oddmusic: the theremin
"I wanted to invent some kind of an instrument that would not operate mechanically, as does the piano, or the cello and the violin, whose bow movements can be compared to those of a saw. I conceived of an instrument that would create sound without using any mechanical energy, like the conductor of an orchestra"
-- Leon Theremin

"Don't forget that you are dealing with air! Think of your fingers as delicate butterfly wings, and you will get much further than if you use strength"
- Clara Rockmore

"I was interested in making a different kind of instrument. And I wanted, of course, to make an apparatus that would be controlled in space, exploiting electrical fields, and that would use little energy. Therefore I used electronic technology to create a musical instrument that would provide greater resources
-- Leon Theremin

What is a Theremin?

The Theremin is one of the earliest electronic instruments, and is played without ever physically touching it. Outfitted with two antennas, a magnetic field surrounds the instrument, and when the hands of the player enter the field, changes in pitch and volume occur. The left side controls the volume, and the right controls the pitch.

Sound futuristic?

The Theremin was patented in 1921. The instrument was invented by Russian physicist Lev Sergeivitch Termen. The sound is produced by two oscillators that "beat" together. One oscillator operates in a frequency range above the level of human hearing, while the other is varied when the hands enter the magnetic field. The "beat frequency" is the difference between the two oscillators, which is the sound that is heard. The Theremin was originally patented and called the Ætherphone, which means "music from the ether".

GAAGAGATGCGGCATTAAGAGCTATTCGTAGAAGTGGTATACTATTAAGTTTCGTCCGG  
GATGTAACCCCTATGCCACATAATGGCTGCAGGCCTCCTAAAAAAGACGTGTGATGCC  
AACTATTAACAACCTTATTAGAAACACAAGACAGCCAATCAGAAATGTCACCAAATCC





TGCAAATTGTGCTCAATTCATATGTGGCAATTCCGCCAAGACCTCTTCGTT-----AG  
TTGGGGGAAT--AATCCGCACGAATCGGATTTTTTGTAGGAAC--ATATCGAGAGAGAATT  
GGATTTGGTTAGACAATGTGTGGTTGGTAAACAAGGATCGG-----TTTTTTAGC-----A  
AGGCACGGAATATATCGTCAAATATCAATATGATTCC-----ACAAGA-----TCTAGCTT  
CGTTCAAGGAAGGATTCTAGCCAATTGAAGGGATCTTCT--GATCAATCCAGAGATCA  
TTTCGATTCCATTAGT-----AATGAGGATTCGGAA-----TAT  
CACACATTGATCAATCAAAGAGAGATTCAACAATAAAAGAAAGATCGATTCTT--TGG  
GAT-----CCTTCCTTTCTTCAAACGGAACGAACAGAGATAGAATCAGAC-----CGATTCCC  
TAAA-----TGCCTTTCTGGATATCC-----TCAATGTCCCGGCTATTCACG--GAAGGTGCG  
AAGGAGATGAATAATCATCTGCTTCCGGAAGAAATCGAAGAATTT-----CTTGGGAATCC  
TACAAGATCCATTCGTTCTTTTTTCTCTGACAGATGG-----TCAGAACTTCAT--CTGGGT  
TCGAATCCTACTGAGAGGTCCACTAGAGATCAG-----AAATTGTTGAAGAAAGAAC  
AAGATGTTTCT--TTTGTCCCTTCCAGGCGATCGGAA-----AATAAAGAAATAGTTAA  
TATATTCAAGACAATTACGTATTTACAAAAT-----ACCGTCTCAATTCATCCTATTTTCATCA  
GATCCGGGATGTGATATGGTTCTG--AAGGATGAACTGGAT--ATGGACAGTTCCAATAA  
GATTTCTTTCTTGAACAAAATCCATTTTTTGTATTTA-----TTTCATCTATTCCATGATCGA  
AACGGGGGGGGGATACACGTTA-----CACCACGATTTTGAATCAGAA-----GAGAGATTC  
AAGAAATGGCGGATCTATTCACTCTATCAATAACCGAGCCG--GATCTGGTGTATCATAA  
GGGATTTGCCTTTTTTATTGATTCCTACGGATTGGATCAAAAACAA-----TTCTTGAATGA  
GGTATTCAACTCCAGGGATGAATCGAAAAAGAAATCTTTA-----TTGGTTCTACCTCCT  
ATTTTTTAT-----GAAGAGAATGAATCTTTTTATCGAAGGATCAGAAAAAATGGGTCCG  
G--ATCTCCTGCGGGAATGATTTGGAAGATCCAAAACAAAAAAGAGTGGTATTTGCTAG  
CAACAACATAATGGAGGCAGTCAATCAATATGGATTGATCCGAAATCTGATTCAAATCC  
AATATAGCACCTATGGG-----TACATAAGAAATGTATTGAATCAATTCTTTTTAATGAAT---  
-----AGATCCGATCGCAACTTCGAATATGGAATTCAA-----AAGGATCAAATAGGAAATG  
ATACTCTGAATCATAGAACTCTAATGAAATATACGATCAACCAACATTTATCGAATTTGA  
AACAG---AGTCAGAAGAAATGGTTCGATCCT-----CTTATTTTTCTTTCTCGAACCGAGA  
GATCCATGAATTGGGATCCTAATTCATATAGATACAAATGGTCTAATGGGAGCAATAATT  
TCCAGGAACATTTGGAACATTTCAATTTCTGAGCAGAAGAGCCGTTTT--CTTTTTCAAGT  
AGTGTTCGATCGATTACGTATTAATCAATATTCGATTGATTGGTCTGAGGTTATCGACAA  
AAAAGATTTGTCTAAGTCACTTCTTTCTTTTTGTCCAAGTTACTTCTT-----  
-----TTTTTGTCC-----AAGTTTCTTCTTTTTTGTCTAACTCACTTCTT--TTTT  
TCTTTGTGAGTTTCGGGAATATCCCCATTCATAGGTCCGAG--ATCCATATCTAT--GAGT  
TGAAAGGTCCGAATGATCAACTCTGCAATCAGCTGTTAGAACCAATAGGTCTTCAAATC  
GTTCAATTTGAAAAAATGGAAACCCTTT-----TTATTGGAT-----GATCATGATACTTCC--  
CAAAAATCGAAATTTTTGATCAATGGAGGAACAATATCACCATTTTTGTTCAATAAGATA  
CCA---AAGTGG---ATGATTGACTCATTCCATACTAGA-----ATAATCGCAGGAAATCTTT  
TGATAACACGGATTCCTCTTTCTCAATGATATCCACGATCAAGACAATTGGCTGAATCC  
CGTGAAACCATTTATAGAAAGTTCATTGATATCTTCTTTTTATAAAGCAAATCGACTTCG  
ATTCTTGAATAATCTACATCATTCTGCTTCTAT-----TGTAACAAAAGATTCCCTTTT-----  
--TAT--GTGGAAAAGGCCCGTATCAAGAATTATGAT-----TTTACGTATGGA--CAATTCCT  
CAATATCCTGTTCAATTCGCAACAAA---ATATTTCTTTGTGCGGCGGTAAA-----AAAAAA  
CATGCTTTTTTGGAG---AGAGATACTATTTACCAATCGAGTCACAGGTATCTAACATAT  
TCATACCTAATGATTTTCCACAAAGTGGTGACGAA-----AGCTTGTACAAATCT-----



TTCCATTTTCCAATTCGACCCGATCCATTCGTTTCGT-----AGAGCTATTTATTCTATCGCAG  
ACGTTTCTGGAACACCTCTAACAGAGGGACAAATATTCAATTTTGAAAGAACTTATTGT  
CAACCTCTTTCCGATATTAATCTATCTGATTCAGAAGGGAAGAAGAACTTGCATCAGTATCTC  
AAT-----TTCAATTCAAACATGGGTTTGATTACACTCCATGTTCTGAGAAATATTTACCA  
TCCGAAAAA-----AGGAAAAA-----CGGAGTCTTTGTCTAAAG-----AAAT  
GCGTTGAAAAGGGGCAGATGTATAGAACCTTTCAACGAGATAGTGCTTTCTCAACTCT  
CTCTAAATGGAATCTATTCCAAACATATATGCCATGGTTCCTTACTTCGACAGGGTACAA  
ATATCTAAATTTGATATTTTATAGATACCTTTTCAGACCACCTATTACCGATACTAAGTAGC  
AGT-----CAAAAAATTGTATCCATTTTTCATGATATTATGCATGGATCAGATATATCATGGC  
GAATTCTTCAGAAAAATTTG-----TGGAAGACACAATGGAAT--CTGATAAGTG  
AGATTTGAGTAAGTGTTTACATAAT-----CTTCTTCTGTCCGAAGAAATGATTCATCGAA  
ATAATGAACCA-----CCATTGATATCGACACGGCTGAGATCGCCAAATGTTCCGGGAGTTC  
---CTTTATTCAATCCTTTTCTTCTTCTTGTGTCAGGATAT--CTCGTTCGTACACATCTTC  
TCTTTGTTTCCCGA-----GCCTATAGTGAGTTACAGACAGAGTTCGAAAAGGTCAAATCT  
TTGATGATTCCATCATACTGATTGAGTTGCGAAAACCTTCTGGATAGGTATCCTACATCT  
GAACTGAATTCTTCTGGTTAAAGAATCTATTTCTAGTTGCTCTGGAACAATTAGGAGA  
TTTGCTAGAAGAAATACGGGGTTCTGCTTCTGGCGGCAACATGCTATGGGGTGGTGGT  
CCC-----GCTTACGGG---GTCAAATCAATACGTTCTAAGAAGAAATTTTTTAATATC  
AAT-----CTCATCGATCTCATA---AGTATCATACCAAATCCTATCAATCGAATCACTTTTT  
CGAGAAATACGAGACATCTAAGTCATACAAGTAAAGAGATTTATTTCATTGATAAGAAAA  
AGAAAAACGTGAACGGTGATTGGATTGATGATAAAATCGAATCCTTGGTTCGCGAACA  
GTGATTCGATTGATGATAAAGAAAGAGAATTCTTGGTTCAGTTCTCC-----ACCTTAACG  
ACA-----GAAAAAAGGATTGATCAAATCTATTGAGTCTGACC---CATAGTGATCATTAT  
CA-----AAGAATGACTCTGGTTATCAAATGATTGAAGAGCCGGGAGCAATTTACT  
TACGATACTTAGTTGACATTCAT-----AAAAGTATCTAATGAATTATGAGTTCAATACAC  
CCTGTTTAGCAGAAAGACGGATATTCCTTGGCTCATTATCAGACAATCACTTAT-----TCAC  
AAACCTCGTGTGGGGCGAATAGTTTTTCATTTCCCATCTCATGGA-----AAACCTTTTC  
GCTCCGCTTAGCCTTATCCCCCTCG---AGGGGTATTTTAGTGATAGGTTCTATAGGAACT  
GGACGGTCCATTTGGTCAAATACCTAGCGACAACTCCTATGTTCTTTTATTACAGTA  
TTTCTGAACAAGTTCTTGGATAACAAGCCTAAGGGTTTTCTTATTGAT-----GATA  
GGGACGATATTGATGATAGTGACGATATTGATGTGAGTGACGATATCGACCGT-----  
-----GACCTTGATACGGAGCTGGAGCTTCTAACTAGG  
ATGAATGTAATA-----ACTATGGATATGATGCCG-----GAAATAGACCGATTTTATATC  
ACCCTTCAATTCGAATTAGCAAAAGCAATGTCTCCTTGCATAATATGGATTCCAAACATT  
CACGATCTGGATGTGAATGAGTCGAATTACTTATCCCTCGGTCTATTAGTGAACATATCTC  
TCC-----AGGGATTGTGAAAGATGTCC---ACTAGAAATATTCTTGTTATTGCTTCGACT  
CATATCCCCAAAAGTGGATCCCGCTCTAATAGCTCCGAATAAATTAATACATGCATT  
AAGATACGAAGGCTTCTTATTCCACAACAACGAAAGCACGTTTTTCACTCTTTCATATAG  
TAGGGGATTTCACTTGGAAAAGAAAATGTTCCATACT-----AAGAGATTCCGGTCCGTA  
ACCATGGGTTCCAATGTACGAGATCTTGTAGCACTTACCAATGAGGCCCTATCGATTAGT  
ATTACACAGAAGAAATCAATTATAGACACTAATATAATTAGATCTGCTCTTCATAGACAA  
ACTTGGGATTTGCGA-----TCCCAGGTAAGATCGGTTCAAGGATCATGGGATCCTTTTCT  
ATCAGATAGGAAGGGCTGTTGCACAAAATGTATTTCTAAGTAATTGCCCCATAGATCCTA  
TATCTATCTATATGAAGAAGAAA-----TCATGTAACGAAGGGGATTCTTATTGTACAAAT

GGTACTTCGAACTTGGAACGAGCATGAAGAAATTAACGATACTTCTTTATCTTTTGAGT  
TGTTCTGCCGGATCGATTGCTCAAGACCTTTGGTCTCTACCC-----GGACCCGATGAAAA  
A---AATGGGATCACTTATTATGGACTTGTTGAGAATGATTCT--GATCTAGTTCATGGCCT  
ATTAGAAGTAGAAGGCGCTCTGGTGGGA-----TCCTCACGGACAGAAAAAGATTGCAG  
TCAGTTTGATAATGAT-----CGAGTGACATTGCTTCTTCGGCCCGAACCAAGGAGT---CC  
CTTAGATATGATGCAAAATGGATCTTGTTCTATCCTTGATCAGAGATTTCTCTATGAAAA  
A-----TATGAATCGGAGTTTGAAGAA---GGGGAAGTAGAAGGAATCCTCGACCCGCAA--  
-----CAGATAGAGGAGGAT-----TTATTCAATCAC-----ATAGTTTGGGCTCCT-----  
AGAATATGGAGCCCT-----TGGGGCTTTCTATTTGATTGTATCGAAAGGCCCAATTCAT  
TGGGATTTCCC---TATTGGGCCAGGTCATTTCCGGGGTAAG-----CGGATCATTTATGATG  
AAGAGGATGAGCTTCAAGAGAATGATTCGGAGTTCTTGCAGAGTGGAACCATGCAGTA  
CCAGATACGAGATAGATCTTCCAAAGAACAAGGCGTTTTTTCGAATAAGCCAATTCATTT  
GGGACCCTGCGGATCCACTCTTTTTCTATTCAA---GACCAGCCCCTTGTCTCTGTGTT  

The Theremin and its workings caught the attention of Soviet leader Vladimir Il’yich Lenin when it was shown in Moscow in 1922.

Termen, whose "westernized" name is Leon Theremin, arrived in the US in 1928, and much interest surrounded his new invention in New York society. Albert Einstein was a frequent house guest, interested in the more technical nature of the Theremin's phenomena. Theremin's were produced by the RCA Victor company. A full 10 piece Theremin-only orchestra even played Carnegie Hall. Being an instrument that is very easy to make sound with, but quite difficult to play well, the Theremin did not enjoy mass appeal from musicians, and only a few great players were ever produced. The most notable being his protégé Clara Rockmore (1911-1998), who played solo and with symphony orchestras around the world.

Leon Theremin disappeared from the free world in in 1938, and was "escorted" to Communist Russia, he did not emerge for 51 years. A victim of Stalinism and the Cold War, he was thrown into a gulag and later put to work in a secret KGB lab. There, he invented listening devices (the bug), alarm systems, one of the first televisions, and other non-musical devices that used technology similar to the Theremin. He was not allowed to leave Russia until 1989 at the age of 93. In 1989, the first interview with Leon Theremin since his disappearance was conducted by Olivia Mattis in France upon his arrival, which we are pleased to reprint on this website.

The Theremin's sound enjoyed cult status in many sci-fi movies of the 1950's, being used for spooky sounding effects, but Clara Rockmore refused to play in any those soundtracks, because she played the Theremin as a "serious classical instrument" and felt it demeaned the instrument. Theremin, being sequestered in Russia, was completely unaware of this usage of the instrument.

Clara Rockmore

Lydia Kavina

The Theremin is still a popular instrument today, used in movies, and by a number of musicians, and has undergone a new resurgence, used by bands from Led Zeppelin to Radiohead to Nine Inch Nails, and also played in more traditional and classical styles. His last protégé, and grand-niece Lydia Kavina is now one of the leading classical Thereminists today.

While finding an original vacuum tube RCA Theremin is nearly impossible, more modern Theremin's are manufactured today.
One which most captures the classic Theremin sound, along with other features, is the late Robert Moog's EtherWave Pro. Moog built homemade Theremin's in his teens, and later created the famous Moog synthesizer in the 1960's and the company he founded still thrives, making Theremin's, analog synthesizers and effects units.
Home           The Gallery           Featured Sections           Forums            Resources            Links           Contact           About
Copyright Oddmusic © 1999-2007